In this study, an increasing trend in the TC rainfall rate during the period 1998–2016 has been identified on a global scale. On average, an increase of 0.027 mm h−1 year−1 is observed in the time series. This trend is nearly equivalent to a percentage of change of +1.3% from one year to the next. The increase is controlled by the reduction of the averaged inner-core rainfall in a range between −0.011 and −0.096 mm h−1 year−1 (percentage of change near to −1.5%/year, for CAT1 to CAT5) along with an increase in the averaged rainband rainfall rate of 0.035 mm h−1 year−1 (percentage of change near to +1.4%/year). Despite the fact that the inner-core region produces the most intense rainfall rates (Supplementary Fig. 3a, b), the extent of the rainband region is much larger than the inner-core, which leads to a more significant contribution from the rainbands to the total TC rain (Supplementary Fig. 3c, d). These differences in the proportional contribution and the rising trend in the rainbands suggest that the global increase must be mainly a consequence of special conditions favoring rainfall production in the rainband environment.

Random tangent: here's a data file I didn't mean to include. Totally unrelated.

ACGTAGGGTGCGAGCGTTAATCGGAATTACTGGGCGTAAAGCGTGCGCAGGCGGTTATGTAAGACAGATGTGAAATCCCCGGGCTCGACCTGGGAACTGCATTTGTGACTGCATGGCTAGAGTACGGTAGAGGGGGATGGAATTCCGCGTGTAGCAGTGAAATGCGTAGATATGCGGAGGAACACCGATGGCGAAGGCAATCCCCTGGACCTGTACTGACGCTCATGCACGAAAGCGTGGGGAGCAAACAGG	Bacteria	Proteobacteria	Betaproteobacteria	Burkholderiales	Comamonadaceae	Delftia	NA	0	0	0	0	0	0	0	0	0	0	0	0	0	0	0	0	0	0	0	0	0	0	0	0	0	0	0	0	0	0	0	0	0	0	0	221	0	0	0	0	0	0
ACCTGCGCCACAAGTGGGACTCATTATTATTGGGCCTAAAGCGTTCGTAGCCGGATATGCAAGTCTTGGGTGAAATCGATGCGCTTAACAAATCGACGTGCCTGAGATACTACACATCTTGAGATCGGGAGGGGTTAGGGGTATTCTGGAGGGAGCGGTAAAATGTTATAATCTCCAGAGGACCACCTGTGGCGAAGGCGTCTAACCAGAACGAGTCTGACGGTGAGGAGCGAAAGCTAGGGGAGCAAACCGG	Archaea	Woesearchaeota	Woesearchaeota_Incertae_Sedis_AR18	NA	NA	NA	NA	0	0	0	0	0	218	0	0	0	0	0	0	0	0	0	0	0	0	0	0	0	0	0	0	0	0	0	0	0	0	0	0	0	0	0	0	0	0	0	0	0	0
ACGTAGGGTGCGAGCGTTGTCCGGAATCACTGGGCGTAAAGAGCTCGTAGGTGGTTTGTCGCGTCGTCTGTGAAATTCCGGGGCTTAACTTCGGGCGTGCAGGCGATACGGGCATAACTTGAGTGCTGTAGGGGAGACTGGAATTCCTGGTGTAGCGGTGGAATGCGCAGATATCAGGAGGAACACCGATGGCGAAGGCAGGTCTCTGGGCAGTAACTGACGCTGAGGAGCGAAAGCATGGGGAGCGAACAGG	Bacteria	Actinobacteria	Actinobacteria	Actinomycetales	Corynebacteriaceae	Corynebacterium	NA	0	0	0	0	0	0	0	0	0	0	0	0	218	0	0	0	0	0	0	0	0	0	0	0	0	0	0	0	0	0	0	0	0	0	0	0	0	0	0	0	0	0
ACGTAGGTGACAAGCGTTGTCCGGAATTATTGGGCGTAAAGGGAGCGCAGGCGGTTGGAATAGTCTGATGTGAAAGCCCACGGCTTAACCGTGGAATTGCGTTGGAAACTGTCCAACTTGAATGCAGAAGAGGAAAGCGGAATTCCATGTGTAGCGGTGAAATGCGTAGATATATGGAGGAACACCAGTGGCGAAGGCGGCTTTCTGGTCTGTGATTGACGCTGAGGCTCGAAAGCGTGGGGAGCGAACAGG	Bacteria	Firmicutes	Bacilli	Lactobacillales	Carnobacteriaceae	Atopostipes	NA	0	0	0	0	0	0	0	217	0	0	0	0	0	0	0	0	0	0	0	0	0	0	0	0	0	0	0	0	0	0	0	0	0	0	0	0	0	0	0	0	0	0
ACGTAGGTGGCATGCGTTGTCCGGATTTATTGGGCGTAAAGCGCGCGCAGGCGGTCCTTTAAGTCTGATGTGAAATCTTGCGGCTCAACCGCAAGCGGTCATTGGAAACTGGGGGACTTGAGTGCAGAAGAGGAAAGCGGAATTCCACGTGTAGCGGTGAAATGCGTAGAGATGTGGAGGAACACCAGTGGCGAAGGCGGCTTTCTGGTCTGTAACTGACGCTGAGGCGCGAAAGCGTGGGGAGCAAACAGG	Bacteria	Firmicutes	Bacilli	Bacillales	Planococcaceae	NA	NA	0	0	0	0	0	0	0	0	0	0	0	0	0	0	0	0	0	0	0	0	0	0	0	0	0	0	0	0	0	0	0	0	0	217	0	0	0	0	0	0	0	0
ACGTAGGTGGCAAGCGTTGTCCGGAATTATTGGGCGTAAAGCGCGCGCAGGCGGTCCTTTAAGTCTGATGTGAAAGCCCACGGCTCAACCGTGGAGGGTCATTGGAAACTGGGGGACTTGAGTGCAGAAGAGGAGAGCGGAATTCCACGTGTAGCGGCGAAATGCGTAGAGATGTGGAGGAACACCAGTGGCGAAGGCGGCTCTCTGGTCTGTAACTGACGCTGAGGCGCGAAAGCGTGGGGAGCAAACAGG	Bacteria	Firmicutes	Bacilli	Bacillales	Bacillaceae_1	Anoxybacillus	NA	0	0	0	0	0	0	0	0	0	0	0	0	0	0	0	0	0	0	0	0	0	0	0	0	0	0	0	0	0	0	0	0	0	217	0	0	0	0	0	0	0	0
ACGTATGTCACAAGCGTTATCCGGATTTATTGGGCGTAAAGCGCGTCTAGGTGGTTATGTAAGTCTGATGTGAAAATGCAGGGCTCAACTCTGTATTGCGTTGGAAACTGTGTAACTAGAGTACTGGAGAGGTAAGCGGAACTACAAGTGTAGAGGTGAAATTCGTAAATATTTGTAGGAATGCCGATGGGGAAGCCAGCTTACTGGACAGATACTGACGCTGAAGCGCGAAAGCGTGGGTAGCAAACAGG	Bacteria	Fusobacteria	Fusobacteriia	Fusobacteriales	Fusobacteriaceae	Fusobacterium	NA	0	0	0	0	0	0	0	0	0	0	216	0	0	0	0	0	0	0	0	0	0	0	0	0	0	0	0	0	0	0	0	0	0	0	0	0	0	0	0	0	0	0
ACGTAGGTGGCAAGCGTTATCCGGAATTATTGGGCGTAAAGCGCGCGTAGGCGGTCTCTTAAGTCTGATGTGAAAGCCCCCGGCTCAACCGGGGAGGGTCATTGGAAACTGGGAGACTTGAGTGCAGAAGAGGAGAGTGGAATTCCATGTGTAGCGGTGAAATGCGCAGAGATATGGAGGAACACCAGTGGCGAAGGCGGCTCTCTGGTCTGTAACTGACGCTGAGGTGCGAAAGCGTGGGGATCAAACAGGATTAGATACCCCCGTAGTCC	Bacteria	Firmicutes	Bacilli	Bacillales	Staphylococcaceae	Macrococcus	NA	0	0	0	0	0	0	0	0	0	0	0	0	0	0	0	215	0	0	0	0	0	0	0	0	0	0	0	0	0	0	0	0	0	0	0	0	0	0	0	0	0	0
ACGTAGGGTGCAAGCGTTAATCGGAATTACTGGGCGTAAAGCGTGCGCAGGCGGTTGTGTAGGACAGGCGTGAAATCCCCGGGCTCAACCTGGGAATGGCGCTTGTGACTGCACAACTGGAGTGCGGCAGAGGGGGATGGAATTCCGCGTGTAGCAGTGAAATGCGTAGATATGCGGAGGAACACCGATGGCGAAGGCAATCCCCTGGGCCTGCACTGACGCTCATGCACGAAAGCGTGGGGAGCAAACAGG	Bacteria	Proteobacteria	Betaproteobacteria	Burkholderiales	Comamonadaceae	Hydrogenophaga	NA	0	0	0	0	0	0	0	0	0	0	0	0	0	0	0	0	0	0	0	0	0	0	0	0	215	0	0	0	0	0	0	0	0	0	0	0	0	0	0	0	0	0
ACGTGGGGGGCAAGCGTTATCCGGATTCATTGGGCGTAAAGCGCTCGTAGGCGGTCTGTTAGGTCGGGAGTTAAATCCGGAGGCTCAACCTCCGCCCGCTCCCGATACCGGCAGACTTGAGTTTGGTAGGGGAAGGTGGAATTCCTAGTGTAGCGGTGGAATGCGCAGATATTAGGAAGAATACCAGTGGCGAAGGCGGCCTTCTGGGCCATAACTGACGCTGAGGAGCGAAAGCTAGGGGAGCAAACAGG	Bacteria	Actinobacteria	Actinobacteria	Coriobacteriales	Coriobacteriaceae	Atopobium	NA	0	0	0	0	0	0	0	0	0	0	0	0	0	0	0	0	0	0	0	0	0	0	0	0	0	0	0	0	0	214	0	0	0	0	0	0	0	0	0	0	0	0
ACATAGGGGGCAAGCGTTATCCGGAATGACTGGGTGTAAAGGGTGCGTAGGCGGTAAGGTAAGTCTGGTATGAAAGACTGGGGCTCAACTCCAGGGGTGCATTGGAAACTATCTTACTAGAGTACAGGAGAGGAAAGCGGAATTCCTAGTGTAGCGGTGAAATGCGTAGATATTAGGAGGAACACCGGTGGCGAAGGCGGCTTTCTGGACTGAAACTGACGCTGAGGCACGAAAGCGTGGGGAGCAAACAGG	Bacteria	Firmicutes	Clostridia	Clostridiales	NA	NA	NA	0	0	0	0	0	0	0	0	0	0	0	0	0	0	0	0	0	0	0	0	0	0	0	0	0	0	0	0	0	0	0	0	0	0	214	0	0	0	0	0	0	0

We hypothesize that the increasing global trend is associated with higher availability of water vapor triggered by warmer sea surface temperatures under constant relative humidity conditions, as suggested by the calculations of Knutson et al.18 using the Clausius–Clapeyron equation, as well as the projections of tropospheric water vapor in the IPCC report29. To check this hypothesis, we analyzed the Reynolds sea surface temperature (SST)30 and the total precipitable water (TPW) at t = 0 from the Global Forecasting System (GFS) analysis in the region from 0 to 500 kilometers, both variables as reported in the Statistical Hurricane Intensity Prediction Scheme (SHIPS) developmental database31,32,33,34. Results confirm that at least in the northern hemisphere (NH), the environment has been warming and moistening during the study period (Fig. 4a, c), which seems to favor the precipitation rates in the rainband region. Besides, linear regressions of both SST and TPW exhibit robust statistical significance and confirmation of a rising trend from the results of the Kendall test (Supplementary Table 5). We also found positive correlations between precipitation rate and SST with a correlation coefficient of 0.22, and between precipitation rate and TPW with a correlation coefficient of 0.50.